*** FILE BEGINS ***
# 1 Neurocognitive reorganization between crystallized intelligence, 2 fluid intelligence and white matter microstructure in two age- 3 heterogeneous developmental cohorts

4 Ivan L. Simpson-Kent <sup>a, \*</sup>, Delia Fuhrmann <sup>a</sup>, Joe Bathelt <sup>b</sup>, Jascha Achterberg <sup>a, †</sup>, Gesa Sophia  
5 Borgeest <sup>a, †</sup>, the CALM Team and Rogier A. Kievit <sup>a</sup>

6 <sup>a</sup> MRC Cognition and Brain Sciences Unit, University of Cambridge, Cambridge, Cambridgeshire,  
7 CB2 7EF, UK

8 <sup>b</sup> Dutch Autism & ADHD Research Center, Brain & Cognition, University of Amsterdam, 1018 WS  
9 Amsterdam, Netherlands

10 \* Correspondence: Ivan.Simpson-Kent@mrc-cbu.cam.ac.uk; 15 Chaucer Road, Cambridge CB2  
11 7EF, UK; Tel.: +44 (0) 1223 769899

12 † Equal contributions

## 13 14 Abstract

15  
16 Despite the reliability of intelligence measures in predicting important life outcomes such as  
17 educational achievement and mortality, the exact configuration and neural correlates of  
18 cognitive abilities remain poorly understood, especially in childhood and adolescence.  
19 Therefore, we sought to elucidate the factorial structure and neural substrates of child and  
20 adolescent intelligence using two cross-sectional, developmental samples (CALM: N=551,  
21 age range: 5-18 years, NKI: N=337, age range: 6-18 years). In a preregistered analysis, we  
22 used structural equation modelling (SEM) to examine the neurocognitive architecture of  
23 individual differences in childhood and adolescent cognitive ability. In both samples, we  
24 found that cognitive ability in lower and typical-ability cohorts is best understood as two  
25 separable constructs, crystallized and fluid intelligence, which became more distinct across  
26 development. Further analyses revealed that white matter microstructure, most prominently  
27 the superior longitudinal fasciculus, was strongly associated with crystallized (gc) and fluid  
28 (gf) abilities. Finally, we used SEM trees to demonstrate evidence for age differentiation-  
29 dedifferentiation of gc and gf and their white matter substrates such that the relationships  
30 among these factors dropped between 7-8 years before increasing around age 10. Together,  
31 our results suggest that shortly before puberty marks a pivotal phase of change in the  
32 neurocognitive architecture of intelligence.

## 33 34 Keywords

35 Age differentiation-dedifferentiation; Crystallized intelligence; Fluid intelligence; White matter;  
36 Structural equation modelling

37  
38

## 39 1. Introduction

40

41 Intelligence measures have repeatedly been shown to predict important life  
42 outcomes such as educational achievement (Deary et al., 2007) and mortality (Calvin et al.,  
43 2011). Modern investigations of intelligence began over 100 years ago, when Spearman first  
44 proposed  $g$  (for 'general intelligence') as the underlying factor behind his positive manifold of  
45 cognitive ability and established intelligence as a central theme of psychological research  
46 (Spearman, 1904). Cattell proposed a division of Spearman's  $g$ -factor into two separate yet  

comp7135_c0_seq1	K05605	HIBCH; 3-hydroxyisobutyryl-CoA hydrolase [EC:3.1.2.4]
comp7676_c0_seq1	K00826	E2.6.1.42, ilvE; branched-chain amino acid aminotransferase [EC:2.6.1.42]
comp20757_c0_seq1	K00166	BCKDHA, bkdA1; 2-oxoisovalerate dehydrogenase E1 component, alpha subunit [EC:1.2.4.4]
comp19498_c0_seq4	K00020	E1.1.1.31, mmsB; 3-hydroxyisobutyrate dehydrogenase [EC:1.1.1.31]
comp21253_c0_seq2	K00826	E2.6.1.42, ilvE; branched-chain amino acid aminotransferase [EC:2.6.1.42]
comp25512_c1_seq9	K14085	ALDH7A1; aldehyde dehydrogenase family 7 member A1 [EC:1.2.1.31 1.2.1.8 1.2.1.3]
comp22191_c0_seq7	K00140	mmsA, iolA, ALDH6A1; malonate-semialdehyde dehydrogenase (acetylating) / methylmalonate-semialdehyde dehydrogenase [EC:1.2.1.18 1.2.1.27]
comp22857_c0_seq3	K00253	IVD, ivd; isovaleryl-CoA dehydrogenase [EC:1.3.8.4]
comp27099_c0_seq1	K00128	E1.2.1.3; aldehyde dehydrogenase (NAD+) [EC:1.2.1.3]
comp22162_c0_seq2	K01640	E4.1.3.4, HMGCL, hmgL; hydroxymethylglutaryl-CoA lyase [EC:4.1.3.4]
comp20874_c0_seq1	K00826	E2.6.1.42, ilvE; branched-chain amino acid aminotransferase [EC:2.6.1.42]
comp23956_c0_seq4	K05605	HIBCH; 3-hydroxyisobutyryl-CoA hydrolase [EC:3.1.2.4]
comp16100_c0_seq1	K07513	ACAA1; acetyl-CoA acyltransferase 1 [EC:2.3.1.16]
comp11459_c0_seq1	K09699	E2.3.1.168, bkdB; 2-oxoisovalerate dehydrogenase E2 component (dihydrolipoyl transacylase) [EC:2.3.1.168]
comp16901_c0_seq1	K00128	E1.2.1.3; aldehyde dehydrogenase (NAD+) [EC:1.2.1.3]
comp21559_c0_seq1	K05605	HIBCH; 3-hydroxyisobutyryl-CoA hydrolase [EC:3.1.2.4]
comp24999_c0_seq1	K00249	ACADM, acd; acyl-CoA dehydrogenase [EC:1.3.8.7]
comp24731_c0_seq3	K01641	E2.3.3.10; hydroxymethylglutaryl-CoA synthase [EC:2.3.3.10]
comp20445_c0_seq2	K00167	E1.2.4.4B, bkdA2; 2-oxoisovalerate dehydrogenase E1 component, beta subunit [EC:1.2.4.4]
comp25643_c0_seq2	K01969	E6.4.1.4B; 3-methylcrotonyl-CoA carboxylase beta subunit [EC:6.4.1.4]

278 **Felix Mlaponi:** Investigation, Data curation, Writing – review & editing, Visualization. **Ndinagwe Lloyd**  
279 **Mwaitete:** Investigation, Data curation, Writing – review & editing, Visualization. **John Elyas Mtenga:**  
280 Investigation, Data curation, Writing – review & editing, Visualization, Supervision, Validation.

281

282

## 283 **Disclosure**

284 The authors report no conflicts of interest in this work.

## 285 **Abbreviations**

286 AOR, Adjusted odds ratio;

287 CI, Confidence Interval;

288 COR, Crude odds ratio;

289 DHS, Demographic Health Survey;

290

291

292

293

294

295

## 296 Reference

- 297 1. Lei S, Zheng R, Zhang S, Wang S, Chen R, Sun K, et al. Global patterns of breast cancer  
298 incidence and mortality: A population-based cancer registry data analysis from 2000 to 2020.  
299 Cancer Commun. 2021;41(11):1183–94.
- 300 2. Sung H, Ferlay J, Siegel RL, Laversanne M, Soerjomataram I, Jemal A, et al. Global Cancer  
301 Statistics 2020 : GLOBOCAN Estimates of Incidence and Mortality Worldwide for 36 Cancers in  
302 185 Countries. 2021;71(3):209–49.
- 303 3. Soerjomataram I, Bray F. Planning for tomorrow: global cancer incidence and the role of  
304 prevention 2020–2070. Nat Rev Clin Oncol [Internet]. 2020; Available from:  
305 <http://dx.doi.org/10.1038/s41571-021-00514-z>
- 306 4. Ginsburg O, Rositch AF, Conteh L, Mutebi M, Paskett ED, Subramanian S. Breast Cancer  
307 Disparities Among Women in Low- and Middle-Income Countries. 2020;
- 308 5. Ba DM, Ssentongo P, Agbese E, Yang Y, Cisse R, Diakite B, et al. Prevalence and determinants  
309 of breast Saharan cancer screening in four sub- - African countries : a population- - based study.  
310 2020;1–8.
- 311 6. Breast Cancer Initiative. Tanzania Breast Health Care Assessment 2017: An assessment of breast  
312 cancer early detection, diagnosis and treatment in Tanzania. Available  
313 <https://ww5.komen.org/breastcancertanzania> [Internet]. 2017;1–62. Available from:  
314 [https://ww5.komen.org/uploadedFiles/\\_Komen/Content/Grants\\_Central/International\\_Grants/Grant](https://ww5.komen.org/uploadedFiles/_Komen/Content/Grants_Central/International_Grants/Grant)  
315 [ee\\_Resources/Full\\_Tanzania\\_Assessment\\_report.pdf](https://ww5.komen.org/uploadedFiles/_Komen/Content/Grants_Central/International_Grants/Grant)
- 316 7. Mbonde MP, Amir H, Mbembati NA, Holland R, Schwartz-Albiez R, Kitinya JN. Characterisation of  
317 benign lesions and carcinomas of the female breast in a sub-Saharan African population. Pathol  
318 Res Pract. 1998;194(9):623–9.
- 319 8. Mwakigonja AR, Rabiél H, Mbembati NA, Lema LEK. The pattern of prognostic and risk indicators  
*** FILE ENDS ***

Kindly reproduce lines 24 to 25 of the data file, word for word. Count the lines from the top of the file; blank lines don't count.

27 the superior longitudinal fasciculus, was strongly associated with crystallized (gc) and fluid  
28 (gf) abilities. Finally, we used SEM trees to demonstrate evidence for age differentiation-  